With an astounding list of credits as an actor, (The Mind’s Eye, We Are Still Here) writer, (Wendigo, The Last Winter) and producer (Stake Land, I Sell The Dead) Larry Fessenden is a legend in indie horror circles. As a writer and director, he’s given us the likes of Habit and The Last Winter. He hasn’t directed a feature since 2013’s poorly received Beneath which he didn’t write. He seems to have learned from that, and he’s written the script for his latest directorial effort, the modern-day Frankenstein tale Depraved.
Alex (Owen Campbell, Super Dark Times, X) has a rough night with his girlfriend Lucy (Chloë Levine, The Ranger), leaving after an argument over having children. It’s about to get a lot worse though as he’s attacked and brutally stabbed as he walks home. He comes to, but in a body he doesn’t recognize. One that looked stitched together from assorted pieces. That’s because it is, he is the brain in Adam (Alex Breaux).
Adam is the creation of Henry (David Call, Dark Was The Night) a brilliant but PTSD-damaged surgeon. Things become tense as Henry’s less than ethical partner Polidori (Joshua Leonard, The Blair Witch Project, Torn Hearts) seeks to cash in on the research behind Adam’s creation.
Those looking for a traditional monster movie are going to be disappointed. Depraved is more of a drama in the style of films such as Bride of Frankenstein. The real monsters are the humans, most obviously the manipulative biomedical CEO Polidori. Henry is manipulated by Polidori and is clouded by his PTSD but he’s still far from a good person. He refers to Adam as “it” to his face, talks about ending the experiment when he can hear it, etc. He’s even willing to be a party to murder.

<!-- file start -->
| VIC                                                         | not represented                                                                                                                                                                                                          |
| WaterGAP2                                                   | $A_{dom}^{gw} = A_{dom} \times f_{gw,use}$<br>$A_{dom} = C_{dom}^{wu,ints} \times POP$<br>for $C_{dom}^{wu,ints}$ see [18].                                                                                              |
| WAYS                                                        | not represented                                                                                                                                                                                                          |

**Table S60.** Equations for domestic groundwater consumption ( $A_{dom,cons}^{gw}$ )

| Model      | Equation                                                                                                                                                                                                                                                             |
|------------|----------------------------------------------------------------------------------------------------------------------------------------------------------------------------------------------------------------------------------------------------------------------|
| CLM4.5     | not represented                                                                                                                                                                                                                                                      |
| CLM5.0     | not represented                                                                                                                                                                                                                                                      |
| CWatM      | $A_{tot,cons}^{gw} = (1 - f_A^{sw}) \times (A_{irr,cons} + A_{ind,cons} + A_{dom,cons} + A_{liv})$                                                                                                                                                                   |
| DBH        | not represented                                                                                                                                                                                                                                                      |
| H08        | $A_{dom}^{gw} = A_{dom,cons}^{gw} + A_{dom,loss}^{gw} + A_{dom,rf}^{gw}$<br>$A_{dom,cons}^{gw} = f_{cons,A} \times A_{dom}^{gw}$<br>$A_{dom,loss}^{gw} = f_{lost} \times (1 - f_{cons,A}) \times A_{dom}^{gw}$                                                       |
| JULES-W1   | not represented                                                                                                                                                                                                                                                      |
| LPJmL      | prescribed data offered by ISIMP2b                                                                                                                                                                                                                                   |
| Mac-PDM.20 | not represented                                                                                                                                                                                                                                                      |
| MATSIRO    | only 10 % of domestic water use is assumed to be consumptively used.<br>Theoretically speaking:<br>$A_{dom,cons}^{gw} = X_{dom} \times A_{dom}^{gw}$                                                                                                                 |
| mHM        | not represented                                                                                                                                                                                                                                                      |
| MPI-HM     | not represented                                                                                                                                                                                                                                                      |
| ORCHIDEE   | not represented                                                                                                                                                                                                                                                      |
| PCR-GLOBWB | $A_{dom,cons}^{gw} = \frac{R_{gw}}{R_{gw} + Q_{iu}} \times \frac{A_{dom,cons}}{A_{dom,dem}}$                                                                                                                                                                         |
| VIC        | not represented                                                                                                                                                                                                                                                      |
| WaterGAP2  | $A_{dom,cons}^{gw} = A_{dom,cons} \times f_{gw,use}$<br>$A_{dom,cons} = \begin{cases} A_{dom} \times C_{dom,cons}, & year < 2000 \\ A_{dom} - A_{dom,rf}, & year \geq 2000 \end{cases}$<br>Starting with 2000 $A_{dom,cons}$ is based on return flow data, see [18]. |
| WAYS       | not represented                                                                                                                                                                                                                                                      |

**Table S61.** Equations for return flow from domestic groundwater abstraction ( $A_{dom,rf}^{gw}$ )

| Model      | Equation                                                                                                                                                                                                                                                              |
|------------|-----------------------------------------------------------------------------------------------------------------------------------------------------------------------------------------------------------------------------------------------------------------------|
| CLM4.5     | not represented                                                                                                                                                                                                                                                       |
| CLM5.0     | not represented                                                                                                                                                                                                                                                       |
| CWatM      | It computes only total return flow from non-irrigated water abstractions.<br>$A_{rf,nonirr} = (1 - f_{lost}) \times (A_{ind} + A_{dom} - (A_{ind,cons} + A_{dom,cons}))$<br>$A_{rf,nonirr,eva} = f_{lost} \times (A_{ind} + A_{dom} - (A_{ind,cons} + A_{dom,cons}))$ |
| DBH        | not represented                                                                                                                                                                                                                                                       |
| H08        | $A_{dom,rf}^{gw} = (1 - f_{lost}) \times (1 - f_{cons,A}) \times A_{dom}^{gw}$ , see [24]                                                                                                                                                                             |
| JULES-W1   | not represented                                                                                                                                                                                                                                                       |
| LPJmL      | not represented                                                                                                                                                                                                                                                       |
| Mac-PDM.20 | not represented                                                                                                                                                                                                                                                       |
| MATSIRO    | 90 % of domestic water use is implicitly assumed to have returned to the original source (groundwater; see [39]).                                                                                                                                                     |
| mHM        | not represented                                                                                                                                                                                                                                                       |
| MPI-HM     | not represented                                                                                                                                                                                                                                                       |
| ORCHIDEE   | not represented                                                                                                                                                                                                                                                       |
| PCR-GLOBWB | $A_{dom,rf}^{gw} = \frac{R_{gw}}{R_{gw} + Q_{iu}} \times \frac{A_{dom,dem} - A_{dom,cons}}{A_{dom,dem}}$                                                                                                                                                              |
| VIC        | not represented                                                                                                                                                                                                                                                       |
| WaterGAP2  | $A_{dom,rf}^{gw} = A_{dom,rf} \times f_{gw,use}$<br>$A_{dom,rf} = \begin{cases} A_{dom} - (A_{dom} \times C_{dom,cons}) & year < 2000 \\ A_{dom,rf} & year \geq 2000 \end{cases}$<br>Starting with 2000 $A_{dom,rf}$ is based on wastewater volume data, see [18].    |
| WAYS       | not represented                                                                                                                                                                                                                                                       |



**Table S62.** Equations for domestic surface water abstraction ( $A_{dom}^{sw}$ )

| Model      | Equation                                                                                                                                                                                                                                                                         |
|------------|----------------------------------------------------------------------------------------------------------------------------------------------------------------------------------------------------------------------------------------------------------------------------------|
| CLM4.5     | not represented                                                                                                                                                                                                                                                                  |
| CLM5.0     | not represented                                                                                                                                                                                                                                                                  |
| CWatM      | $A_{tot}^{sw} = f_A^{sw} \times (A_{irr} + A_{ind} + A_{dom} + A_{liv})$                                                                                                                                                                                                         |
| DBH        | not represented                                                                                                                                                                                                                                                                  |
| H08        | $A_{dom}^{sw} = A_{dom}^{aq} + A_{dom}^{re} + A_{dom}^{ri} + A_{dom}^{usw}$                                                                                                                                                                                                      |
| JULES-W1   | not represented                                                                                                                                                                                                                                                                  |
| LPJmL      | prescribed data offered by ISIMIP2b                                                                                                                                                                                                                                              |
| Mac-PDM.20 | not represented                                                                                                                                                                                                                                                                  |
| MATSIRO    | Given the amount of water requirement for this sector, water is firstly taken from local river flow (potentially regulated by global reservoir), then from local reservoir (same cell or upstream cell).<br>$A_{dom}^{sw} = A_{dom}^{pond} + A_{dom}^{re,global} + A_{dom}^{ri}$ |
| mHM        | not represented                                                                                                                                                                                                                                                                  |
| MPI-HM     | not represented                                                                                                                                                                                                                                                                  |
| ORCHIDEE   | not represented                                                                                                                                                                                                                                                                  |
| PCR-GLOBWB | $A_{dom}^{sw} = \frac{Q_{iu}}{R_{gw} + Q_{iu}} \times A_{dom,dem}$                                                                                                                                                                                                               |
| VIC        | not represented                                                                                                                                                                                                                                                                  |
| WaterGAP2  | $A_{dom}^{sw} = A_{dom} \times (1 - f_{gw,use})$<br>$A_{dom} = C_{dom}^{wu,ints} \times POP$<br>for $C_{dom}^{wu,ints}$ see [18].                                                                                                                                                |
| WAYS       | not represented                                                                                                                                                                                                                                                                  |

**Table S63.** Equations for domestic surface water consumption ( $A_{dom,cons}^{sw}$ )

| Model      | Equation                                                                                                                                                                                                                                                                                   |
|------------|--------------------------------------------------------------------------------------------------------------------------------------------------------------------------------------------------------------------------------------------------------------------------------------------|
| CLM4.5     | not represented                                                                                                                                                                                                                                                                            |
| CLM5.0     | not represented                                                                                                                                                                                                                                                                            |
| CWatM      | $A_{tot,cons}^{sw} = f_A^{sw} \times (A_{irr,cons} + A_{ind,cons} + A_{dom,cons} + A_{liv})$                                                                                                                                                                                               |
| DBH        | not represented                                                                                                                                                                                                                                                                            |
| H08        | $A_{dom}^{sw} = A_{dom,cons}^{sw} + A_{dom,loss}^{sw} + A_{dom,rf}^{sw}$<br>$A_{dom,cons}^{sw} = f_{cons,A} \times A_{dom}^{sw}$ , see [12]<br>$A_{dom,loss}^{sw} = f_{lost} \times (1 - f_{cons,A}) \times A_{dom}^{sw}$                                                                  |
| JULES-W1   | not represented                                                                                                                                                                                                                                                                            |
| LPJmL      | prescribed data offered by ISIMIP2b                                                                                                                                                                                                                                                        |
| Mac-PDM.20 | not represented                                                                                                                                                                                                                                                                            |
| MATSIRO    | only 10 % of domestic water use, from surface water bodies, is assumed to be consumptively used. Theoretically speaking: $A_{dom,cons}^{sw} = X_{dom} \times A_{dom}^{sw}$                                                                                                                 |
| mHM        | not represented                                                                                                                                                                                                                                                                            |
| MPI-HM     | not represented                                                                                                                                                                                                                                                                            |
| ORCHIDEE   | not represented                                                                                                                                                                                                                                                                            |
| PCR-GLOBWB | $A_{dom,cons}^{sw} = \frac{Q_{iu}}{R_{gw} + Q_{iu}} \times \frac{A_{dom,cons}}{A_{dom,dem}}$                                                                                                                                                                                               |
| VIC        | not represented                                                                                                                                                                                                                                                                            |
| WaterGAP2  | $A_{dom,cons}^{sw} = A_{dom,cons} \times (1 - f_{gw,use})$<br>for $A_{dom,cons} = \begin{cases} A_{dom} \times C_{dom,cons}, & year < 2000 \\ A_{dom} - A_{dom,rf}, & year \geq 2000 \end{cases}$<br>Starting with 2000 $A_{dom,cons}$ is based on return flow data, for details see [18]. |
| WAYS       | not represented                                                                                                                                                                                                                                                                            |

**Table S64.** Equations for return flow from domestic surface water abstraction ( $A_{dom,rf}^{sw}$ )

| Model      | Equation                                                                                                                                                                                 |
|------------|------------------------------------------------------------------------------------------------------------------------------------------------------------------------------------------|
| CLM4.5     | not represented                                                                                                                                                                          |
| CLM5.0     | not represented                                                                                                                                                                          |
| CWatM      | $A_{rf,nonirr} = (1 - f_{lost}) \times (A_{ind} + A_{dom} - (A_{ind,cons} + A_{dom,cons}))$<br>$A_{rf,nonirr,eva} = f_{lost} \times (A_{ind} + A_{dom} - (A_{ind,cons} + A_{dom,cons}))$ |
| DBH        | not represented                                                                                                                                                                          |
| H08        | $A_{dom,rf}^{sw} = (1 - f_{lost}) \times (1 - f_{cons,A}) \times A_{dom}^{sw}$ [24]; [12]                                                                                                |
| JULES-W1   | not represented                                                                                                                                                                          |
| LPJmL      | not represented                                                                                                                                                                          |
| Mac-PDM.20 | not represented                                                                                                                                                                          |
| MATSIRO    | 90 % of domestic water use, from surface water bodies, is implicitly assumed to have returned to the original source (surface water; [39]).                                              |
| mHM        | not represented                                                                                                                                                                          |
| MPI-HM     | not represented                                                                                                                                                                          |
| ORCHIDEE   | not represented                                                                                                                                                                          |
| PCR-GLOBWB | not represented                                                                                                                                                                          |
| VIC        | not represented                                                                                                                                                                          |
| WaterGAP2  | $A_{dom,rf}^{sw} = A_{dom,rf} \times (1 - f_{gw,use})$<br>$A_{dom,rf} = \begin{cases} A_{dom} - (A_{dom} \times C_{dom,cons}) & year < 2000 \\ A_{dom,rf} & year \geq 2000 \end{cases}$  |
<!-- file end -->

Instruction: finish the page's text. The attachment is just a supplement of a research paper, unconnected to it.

The film has much to say about the medical industry and its ethics or lack thereof. There’s a scene where Adam sits quietly as an ad for one of the drugs he’s on plays on the radio, listing a long litany of side effects. It’s a quietly effective reinforcement of the greed and disregard for people’s actual health we’ve already seen from industry figures in the film.
We actually feel sympathy for Adam. He’s confused, haunted by memories he can’t understand and has no real understanding of who or what he is or how he came to be. At least not until he finds a tablet full of videos of his creation. After seeing them even the cocktail of drugs they feed him can’t restrain him and he breaks out. With violent and tragic results.
The final showdown does have elements of a traditional horror film and is fairly exciting. But that comes late in the film’s just under-two-hour running time. And the final sequence is actually very poignant. But Fessenden has never directed typical horror films so we shouldn’t be expecting one here either. Depraved is much more of a dark drama with horror elements than an all-out fright film. And it’s much better for it, his talents would be wasted on another generic “creature on the loose” film.
Depraved makes its world premiere on the opening night of What The Fest!? You can keep posted on other screenings via Glass Eye Pix website.